While activation of quiescent immune-reactive T cells resident in non-tumor tissue is purported to be the mechanism of autoimmune thyroiditis, colitis, and other typical toxicities of ICI, the irAEs in both cases of advanced UM suggest that there was cross-reactivity of T cell immunity against an antigen that was shared between the UM and the contralateral uvea, the skin and non-tumor organs. That the duodenitis was unresponsive to steroids and infliximab, but did respond promptly to vedolizumab [24], a monoclonal antibody to integrin α4β7 (LPAM-1), which blocks T cell infiltration into the GI tract, suggests that her GI toxicity derived from circulating T cells that trafficked into the GI tract following expansion in a distant site, such as the tumor. A similar pathophysiology may occur in the cases of extreme cardiotoxicity, where expanded T cell clones that were present in the tumor were also identified in the inflamed heart musculature [25].

Thus, the value of a high mutational load may be to induce immunoreactivity against multiple neoantigens and simultaneously overwhelm any shared antigen response, thereby eliminating the tumor before significant shared antigen expansion and related organ toxicity develops. Such biology might explain the enhanced durable antitumor benefit observed in patients with irAEs, despite the use of often-prolonged immunosuppressive therapy.

Ultimately, it may be possible, albeit difficult, to identify at baseline patients with expanded immunity against antigens shared by the tumor and vital host organs, so that one could take measures to minimize the organ toxicity. Alternatively one could use pre-treatment vaccination against neo-epitopes in order the steer the immune response towards tumor restricted rather than shared antigens.

This report emphasizes that while the response to ICI is significantly lower in patients with UM compared to those with CM, a major response can be achieved. Additional work is required to select the appropriate patients with UM who are destined to benefit from ICI and to determine a means of dissociating anti-tumor responses against shared antigens from toxicity to organs expressing the same antigens.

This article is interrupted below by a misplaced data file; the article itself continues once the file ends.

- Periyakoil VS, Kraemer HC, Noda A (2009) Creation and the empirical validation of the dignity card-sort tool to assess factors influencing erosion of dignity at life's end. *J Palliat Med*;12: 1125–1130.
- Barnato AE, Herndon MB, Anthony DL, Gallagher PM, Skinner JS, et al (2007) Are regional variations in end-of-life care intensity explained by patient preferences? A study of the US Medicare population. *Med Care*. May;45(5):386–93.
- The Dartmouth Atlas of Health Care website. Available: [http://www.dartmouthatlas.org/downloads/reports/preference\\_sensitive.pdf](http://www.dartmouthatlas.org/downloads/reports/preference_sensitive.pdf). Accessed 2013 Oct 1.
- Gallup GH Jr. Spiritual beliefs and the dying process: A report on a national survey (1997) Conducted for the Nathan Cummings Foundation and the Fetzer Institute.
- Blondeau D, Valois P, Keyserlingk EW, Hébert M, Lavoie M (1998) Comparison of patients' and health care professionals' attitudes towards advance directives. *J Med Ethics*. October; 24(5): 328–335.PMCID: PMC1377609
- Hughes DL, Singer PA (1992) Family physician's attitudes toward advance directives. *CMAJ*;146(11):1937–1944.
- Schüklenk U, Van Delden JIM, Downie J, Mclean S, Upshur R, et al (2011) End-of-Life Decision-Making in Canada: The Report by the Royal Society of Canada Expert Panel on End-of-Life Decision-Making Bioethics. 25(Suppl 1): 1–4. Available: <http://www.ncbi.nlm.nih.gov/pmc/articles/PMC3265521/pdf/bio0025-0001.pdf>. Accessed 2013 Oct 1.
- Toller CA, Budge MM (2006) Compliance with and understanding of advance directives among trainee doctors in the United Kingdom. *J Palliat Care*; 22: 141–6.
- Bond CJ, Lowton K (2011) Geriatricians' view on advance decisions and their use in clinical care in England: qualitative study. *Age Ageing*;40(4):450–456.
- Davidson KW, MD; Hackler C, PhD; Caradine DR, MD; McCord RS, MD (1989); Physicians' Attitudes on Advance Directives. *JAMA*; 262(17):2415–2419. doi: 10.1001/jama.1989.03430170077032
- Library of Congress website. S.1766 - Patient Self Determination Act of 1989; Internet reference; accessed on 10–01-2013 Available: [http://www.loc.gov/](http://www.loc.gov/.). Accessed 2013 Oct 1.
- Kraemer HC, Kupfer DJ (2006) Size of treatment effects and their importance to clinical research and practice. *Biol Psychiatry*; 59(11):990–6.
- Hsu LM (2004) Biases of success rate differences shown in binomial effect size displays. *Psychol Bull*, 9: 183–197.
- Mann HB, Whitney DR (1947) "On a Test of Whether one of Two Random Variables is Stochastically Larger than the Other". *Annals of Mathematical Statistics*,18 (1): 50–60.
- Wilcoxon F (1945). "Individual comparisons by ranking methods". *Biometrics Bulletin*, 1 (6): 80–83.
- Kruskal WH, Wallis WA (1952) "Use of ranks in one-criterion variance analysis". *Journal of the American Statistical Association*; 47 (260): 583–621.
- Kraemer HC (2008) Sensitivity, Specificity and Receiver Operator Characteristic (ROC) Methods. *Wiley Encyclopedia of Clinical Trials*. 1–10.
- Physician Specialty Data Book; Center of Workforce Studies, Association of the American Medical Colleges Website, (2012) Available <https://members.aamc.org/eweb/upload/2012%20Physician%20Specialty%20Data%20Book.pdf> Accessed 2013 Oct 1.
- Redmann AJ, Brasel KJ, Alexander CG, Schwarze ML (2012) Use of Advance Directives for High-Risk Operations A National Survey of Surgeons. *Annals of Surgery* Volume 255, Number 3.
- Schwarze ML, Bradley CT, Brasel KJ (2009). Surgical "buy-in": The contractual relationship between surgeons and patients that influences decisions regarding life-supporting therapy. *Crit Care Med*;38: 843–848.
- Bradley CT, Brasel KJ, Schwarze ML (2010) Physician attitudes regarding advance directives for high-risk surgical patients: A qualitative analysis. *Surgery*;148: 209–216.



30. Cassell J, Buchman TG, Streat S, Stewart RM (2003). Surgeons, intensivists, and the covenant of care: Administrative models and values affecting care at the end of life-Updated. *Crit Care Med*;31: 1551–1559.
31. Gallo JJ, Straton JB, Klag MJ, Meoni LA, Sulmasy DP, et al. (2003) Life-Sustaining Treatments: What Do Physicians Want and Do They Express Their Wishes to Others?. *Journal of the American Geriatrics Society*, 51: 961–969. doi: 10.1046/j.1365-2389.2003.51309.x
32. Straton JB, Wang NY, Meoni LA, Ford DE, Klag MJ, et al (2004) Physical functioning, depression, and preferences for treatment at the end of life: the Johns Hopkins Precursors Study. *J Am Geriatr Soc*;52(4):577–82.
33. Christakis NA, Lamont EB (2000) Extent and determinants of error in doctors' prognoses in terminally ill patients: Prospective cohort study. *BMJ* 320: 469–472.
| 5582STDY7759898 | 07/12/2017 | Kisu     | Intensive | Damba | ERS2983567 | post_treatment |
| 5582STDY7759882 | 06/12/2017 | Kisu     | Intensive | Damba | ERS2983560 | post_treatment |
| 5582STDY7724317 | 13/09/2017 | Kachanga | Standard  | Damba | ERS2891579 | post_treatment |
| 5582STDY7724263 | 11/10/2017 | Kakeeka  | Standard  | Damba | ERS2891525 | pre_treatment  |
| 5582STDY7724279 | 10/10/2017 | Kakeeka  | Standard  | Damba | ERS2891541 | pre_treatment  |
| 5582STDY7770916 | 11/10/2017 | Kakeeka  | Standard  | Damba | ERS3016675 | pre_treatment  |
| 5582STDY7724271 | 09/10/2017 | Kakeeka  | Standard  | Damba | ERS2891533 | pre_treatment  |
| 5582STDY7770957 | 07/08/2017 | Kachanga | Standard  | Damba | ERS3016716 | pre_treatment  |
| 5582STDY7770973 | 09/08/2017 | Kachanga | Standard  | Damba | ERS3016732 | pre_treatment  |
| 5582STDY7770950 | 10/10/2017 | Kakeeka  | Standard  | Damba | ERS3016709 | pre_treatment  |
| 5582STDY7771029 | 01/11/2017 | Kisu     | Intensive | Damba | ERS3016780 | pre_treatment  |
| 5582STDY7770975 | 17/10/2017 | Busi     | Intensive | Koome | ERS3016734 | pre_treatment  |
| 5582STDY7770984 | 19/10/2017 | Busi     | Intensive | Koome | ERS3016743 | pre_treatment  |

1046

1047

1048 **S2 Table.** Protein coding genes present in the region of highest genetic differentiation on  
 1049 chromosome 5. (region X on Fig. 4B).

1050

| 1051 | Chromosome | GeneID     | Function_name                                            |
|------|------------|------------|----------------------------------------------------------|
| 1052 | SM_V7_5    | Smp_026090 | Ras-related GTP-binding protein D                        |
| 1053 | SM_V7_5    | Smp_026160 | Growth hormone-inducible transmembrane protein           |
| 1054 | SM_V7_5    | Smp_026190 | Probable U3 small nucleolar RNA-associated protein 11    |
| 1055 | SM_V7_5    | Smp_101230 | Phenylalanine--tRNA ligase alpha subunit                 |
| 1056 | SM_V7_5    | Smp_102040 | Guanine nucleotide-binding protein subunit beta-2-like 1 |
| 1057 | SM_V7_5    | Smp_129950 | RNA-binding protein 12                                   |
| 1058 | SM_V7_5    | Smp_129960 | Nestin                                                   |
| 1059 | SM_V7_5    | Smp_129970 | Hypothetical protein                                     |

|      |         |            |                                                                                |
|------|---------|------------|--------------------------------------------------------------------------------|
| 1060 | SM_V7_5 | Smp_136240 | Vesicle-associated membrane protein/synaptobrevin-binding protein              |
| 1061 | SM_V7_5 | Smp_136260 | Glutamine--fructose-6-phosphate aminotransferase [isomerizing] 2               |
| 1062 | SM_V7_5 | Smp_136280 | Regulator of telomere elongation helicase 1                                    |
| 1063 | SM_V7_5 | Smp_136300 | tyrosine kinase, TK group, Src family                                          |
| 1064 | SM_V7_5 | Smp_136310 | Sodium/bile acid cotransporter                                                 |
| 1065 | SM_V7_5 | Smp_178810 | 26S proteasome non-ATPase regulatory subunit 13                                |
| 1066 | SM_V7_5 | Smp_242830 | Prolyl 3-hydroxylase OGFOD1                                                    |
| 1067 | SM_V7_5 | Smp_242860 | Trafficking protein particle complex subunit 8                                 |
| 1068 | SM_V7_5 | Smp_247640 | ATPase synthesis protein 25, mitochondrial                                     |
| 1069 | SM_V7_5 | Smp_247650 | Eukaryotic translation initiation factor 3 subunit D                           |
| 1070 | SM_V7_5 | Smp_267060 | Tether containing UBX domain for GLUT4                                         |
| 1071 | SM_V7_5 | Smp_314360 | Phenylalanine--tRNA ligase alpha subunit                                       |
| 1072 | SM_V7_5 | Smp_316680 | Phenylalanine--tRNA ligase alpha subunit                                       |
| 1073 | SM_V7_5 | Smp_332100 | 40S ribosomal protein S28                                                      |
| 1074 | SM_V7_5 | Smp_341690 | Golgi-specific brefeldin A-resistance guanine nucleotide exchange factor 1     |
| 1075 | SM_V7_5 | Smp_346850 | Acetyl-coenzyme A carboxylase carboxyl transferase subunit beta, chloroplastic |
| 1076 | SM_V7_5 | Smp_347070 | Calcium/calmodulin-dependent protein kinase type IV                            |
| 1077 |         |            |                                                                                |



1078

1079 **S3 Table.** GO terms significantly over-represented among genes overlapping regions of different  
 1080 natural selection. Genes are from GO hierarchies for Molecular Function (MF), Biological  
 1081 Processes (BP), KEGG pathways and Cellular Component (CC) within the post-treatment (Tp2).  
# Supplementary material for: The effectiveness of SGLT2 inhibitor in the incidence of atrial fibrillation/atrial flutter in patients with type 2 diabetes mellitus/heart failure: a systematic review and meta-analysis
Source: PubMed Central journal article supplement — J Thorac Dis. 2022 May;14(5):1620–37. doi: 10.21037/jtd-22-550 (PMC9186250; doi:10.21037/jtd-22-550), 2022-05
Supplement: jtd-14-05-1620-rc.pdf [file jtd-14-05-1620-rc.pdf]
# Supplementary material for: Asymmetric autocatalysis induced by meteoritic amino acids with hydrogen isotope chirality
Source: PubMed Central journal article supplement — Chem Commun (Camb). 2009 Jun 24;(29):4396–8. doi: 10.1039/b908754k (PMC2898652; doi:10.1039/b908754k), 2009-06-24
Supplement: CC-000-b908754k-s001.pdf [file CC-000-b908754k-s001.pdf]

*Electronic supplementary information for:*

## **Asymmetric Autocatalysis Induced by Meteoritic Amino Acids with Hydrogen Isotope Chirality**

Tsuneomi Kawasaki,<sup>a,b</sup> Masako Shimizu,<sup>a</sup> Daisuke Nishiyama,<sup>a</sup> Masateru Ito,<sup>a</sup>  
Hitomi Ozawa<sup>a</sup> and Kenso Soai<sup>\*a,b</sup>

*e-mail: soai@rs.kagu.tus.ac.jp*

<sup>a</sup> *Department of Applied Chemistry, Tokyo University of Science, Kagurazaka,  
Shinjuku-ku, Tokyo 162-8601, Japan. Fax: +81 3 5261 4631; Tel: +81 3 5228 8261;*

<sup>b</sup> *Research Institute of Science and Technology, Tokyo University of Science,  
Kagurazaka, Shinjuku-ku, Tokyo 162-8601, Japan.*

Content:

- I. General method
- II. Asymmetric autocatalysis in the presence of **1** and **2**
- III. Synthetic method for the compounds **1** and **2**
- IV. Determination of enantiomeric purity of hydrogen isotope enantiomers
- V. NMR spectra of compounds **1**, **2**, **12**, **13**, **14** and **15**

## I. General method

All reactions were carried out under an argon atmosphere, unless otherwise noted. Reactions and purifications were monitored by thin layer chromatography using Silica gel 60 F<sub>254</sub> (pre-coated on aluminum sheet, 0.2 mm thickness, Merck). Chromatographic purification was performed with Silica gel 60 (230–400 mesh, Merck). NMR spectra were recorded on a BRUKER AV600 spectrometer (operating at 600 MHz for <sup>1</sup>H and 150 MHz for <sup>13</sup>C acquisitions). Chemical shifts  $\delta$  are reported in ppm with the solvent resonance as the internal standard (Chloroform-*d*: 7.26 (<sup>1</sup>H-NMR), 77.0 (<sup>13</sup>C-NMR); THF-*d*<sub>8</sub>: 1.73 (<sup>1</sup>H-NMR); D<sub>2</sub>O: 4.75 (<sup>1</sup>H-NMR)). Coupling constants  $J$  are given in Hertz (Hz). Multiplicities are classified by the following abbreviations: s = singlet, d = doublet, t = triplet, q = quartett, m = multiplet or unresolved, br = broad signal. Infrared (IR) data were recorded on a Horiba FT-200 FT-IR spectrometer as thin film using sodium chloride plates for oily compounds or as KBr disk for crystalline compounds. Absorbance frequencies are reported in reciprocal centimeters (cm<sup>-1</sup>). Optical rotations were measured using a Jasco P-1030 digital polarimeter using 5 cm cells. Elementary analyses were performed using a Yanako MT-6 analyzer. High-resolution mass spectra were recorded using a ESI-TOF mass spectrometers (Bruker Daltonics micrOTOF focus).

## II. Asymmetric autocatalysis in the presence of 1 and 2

Declarations

Acknowledgements

We thank Dr. Moutasem N Aljundi, Department of Radiology MedStar Georgetown University Hospital, for his assistance in obtaining high-resolution computed tomography images for Fig. 1.

Funding

The study was partially funded by Bristol-Myers Squibb in the analysis of data.

Availability of data and materials

The datasets used and analyzed during the current study are available from the corresponding author on reasonable request.

Authors’ contributions

SR, BI, CB, AA, MBA developed conception and design. SR, DW, JCZ, AJC collected and assembled of data. SR, BI, CB, SM, PS, JMP, SJC and MBA performed data analysis and interpretation. SR carried out manuscript writing. All authors discussed the results and contributed to the final manuscript. All authors read and approved the final manuscript.

Ethics approval and consent to participate

Not Applicable.

Consent for publication

Consent for a special study and publication was obtained from the patient.

Competing interests

The authors declare that they have no competing interests.

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Authors’ Affiliations

(1)
Department of Oncology, Lombardi Comprehensive Cancer Center, Georgetown University Medical Center, 3970 Reservoir Rd NW, New Research Building Suite E 501, Washington, DC 20057, USA
(2)
Dana-Farber Cancer Institute, Boston, MA, USA
(3)
Bristol-Myers Squibb, Princeton, NJ, USA
(4)
Harvard Medical School-Harvard University, Boston, MA, USA
(5)
Medstar Georgetown University Hospital, Washington, DC, USA
(6)
Center for Molecular Biophysics, Biosciences Division, Oak Ridge National Laboratory, Oak Ridge, TN, USA

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Copyright

© The Author(s). 2019